“We don’t counsel people that heterosexual marriage is a panacea. You’ll see in some of these experiences that are related on this site that it has been a successful experience in a few cases, or some have expressed the success they’ve found in marriage and in raising a family and in the joy and all that has filled out and blessed their lives as a consequence. But that, we know, is not always true. It’s not always successful. Sometimes it’s been even disastrous. So, we think it’s something that each person can evaluate and they can discuss, both with priesthood leaders and family and others, and make decisions. But we simply don’t take a uniform position of saying “yes” always or “no” always.”
I will now quote two true stories. These stories, true stories, are taken from Carol Lynn Pearson’s book “No More Goodbyes, Circling the Wagons around Our Gay Loved Ones“.
First, Carol Lynn is talking about Stuart Matis. She starts with a quote from Stuart: “The scary truth of matters is that I would really rather be dead than living outside of the Church.”“He was thirty-two years old before he told his parents about the cross he had carried since age seven. He had been certain that with obedience and faith his attraction for the same gender would pass—at age twelve when he was ordained to the priesthood, a rite of passage for most Mormon boys—then when he received his patriarchal blessing, an individualized, special guide for one’s life—then when he attended the temple for the first time, making serious covenants with God and the Church —then when he went on a mission. Surely God would approve of his life now and work for him the miracle of becoming normal, taking away the torment of his homosexual feelings. Of course. He fasted and prayed, and he went to the temple every week. He wept as night after night he prayed until morning, begging and pleading with a God he knew could help him if he was only worthy enough. As a child he would deny himself a favorite television program as punishment for a homosexual thought, or he wouldn’t allow himself to attend a friend’s birthday party. Of course.His mother wrote: Stuart’s entire life was spent striving for perfection. He reasoned that if he were perfect, then he would find God’s approval. His efforts became a never-ending cycle: effort—perceived failure—effort—perceived failure. The harder Stuart strove for perfection, the more he hated himself. . . .he believed that he not only could change, but should change. When no change in his feelings occurred, no matter how hard he worked at it, he came to the conclusion that he was not worthy and that God did not accept his efforts. His self-loathing became . . . intense…. Once Stuart said to me, “Mother, all my life I have tried to do what is right. I just can’t pass the test.”Of course. In the suicide note that Stuart left on his bed that morning, along with love and appreciation to his family, were the words: “I am free, I am no longer in pain, and I no longer hate myself . . . my life was actually killed long ago.” Stuart’s bishop, with whom he had been counseling for months, aware of his suicidal thoughts, had pled with him, “Stuart, if this is a choice between the Church and your life, choose your life!” How I wish Stuart had done that, had grabbed his soul and run for his life, out the chapel door never to look back. How I wish he had listened to the voice inside that surely witnessed to God’s unconditional love for him. But—of course —I know so well how that voice was silenced in childhood by the voices that came from outside, speaking with authority and spelling out the conditions under which God’s love would be available.”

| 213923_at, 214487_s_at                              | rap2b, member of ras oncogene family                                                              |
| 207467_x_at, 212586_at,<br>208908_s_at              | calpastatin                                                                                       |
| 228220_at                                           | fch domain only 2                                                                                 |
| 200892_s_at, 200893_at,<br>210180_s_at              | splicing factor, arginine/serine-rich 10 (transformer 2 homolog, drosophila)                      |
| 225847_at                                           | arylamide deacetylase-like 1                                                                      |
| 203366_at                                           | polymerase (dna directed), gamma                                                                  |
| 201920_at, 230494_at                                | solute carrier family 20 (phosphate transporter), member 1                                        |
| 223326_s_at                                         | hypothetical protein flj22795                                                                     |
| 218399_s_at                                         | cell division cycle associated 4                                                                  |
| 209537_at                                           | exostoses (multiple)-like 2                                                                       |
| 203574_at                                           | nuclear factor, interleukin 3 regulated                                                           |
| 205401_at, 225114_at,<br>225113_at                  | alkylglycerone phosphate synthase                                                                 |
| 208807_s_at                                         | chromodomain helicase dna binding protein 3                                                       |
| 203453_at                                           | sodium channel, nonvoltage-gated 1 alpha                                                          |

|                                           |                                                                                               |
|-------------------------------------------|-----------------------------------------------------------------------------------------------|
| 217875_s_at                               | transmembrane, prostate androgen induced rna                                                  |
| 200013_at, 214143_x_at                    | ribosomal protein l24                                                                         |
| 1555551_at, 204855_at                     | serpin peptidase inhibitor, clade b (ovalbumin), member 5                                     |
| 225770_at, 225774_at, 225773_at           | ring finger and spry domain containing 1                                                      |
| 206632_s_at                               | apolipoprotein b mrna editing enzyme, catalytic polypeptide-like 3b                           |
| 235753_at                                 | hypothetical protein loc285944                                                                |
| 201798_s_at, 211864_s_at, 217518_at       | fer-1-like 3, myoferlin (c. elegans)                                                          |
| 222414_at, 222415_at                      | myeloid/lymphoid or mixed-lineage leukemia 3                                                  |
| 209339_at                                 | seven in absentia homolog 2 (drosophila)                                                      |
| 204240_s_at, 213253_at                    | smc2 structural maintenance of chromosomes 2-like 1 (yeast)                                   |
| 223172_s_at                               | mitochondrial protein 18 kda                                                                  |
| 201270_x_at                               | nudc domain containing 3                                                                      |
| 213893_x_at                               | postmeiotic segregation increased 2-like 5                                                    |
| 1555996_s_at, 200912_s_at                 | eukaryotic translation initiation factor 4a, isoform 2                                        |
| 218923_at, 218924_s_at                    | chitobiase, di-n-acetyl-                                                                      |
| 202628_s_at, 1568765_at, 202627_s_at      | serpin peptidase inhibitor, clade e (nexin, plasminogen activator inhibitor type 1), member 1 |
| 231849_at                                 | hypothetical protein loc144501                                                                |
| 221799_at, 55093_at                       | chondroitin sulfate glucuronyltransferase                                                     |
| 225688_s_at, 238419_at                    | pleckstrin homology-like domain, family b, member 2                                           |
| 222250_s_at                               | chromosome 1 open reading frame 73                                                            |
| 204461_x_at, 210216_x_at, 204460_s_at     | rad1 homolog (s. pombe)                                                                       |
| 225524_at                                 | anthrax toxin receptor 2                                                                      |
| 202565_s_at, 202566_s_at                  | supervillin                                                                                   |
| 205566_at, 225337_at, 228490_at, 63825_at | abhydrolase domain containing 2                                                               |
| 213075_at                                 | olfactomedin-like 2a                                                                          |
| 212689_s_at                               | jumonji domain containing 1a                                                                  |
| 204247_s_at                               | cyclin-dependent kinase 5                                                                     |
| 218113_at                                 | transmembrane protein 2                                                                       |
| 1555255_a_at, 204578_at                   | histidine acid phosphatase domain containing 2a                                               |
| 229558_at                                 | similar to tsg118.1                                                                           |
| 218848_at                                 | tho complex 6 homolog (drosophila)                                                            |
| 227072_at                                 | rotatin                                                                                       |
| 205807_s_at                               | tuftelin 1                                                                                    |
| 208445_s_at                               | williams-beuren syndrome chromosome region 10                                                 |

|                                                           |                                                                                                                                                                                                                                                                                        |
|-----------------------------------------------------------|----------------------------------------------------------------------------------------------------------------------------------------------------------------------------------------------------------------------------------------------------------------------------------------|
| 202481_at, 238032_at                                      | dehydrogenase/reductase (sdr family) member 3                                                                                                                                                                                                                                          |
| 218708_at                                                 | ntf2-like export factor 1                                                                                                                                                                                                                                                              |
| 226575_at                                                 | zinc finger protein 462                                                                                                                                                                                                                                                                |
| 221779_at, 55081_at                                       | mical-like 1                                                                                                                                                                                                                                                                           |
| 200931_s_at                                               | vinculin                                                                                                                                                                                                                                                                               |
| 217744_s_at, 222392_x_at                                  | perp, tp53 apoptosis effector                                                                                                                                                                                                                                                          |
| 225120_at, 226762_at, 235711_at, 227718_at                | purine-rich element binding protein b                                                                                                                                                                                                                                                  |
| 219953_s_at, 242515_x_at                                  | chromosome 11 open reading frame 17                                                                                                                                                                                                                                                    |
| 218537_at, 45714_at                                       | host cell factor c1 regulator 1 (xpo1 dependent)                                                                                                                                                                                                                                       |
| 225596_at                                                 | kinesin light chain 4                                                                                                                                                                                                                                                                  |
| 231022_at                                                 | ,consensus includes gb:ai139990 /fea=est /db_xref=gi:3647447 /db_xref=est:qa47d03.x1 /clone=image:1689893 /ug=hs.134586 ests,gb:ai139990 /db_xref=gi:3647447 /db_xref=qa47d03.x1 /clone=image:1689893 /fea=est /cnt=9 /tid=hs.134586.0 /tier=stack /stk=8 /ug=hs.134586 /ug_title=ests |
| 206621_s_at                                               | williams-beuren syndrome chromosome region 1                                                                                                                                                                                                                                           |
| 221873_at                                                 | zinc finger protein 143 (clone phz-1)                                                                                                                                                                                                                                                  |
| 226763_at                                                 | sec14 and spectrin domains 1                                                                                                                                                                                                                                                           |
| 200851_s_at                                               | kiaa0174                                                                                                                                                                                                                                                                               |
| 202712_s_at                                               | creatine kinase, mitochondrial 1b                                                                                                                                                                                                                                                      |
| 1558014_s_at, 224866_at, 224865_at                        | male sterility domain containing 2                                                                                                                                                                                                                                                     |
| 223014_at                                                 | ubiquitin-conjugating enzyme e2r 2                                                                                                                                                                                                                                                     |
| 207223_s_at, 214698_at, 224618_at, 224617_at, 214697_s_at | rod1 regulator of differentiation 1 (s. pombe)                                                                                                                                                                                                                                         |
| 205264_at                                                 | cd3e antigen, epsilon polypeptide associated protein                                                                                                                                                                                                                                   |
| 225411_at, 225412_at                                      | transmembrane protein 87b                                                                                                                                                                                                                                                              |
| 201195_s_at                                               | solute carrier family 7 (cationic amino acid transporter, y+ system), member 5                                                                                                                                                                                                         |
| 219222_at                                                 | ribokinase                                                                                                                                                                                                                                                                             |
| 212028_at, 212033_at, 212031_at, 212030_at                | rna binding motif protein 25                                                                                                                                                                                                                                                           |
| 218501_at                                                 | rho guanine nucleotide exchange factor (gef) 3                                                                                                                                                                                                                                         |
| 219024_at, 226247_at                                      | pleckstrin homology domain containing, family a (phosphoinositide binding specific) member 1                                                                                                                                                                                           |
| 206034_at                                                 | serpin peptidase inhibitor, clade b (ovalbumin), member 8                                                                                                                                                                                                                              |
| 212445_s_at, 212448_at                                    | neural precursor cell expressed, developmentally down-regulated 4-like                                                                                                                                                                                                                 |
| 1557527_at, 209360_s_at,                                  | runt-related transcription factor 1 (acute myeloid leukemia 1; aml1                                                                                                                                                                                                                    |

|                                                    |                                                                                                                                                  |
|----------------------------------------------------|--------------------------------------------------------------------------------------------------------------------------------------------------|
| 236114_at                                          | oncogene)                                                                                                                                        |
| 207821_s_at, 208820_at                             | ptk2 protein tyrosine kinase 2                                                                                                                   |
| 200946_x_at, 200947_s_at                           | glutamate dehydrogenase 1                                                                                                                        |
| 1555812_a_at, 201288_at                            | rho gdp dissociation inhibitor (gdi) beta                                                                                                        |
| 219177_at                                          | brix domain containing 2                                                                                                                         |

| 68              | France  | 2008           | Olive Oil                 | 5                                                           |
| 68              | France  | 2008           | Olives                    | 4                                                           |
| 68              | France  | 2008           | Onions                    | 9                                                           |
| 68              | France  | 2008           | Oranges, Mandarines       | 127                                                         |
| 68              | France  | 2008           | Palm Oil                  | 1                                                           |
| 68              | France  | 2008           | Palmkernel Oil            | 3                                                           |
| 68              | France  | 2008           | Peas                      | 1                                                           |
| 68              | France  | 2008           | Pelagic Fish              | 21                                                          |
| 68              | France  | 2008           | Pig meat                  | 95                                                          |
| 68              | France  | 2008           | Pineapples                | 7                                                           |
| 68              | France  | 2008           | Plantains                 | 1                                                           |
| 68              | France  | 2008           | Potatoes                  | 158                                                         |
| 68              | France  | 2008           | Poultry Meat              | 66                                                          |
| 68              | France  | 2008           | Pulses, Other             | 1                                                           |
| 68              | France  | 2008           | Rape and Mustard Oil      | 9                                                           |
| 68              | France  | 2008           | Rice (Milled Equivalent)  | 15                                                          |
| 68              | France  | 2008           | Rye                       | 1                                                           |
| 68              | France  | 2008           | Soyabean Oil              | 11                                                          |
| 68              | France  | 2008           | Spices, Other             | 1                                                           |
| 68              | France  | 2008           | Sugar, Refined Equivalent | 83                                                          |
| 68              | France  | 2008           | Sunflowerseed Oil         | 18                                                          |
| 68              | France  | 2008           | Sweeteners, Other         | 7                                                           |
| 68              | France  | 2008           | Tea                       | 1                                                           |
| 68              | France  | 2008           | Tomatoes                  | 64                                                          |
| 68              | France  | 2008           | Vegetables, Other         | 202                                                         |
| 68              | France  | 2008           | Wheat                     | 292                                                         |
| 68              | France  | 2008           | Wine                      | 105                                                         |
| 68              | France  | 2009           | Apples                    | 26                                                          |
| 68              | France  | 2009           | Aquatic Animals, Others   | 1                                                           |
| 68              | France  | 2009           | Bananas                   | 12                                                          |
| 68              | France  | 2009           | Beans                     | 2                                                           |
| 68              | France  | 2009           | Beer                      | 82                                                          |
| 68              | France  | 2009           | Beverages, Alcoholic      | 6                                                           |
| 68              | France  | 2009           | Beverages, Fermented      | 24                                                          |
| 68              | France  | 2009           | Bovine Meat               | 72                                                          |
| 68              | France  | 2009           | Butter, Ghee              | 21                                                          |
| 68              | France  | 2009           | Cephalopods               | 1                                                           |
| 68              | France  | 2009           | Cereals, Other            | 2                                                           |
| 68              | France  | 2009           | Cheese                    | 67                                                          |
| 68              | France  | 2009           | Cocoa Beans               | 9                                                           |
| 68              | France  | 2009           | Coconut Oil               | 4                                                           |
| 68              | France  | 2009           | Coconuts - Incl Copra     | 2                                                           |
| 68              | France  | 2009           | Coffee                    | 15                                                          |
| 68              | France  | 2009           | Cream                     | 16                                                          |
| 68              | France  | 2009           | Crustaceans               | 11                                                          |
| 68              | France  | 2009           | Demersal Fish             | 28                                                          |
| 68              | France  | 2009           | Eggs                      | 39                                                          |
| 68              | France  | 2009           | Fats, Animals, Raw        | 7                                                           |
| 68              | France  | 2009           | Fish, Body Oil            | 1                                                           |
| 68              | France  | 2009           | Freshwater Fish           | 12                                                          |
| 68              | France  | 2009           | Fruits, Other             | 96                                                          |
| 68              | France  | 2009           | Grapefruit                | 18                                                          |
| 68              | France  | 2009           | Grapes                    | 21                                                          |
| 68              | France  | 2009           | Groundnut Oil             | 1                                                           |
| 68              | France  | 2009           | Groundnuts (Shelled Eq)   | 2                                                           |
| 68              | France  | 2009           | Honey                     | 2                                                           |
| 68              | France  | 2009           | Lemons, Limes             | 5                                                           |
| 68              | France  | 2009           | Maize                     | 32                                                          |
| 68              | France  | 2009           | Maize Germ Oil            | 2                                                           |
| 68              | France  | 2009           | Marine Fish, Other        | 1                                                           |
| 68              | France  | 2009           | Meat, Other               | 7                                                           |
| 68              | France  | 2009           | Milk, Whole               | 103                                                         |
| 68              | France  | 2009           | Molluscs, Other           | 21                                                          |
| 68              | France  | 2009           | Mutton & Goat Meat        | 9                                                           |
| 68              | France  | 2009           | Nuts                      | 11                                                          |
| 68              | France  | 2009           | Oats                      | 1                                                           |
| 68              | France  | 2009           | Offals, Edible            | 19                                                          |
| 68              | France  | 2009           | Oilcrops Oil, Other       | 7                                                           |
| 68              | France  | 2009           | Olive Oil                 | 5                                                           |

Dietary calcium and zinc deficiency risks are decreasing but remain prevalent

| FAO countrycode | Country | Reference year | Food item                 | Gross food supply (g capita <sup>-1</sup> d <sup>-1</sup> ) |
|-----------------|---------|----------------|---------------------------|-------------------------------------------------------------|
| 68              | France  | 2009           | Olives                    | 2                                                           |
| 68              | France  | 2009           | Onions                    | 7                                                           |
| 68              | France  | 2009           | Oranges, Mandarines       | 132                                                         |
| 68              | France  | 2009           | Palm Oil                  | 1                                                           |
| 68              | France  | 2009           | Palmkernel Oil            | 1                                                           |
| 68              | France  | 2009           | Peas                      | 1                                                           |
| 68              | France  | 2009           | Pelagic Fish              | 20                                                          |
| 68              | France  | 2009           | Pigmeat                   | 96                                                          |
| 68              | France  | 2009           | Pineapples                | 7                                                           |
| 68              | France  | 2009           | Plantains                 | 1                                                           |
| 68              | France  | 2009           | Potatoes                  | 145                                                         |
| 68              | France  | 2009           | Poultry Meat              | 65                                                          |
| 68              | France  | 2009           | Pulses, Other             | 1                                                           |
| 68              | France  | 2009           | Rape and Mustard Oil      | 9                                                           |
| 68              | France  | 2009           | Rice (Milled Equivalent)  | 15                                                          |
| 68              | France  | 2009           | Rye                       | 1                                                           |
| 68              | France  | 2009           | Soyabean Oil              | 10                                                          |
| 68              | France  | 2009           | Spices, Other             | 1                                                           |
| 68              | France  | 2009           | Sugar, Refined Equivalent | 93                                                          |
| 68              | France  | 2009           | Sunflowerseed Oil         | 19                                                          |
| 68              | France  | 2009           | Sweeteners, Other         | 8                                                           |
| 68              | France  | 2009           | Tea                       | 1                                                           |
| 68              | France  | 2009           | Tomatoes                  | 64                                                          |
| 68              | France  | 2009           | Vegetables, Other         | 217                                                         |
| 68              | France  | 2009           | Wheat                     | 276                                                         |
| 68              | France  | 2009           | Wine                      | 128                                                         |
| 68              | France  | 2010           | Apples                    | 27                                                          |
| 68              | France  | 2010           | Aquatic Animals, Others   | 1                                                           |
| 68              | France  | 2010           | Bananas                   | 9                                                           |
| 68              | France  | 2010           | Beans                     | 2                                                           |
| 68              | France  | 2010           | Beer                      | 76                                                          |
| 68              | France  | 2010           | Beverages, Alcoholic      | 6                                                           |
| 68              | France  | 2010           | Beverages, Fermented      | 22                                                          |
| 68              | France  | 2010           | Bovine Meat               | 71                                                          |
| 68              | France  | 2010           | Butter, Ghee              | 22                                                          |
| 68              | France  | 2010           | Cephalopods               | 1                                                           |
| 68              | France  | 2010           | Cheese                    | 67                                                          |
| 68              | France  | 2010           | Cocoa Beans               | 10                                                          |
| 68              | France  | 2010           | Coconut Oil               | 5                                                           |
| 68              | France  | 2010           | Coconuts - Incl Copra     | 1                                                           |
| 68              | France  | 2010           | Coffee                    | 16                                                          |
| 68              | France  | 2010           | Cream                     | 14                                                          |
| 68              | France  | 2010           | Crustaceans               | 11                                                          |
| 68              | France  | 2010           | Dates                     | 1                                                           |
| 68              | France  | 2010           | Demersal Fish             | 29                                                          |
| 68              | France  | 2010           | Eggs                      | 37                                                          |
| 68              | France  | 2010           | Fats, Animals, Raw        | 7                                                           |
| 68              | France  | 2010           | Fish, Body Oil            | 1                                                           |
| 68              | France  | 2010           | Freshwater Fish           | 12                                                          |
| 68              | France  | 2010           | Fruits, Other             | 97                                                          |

Now that is one story of many. Some of us may find those words uncomfortable to listen to. Some may wish to walk or even run away, saying that will never happen to me or my family. The answer is, we don’t know. Remember the words of the Primary song: “I’ll walk with you. I’ll talk with you. That’s how I’ll show my love for you.”
Another story, this time of Jason, who did “come out”, not just to his family, but to the Ward where he lived: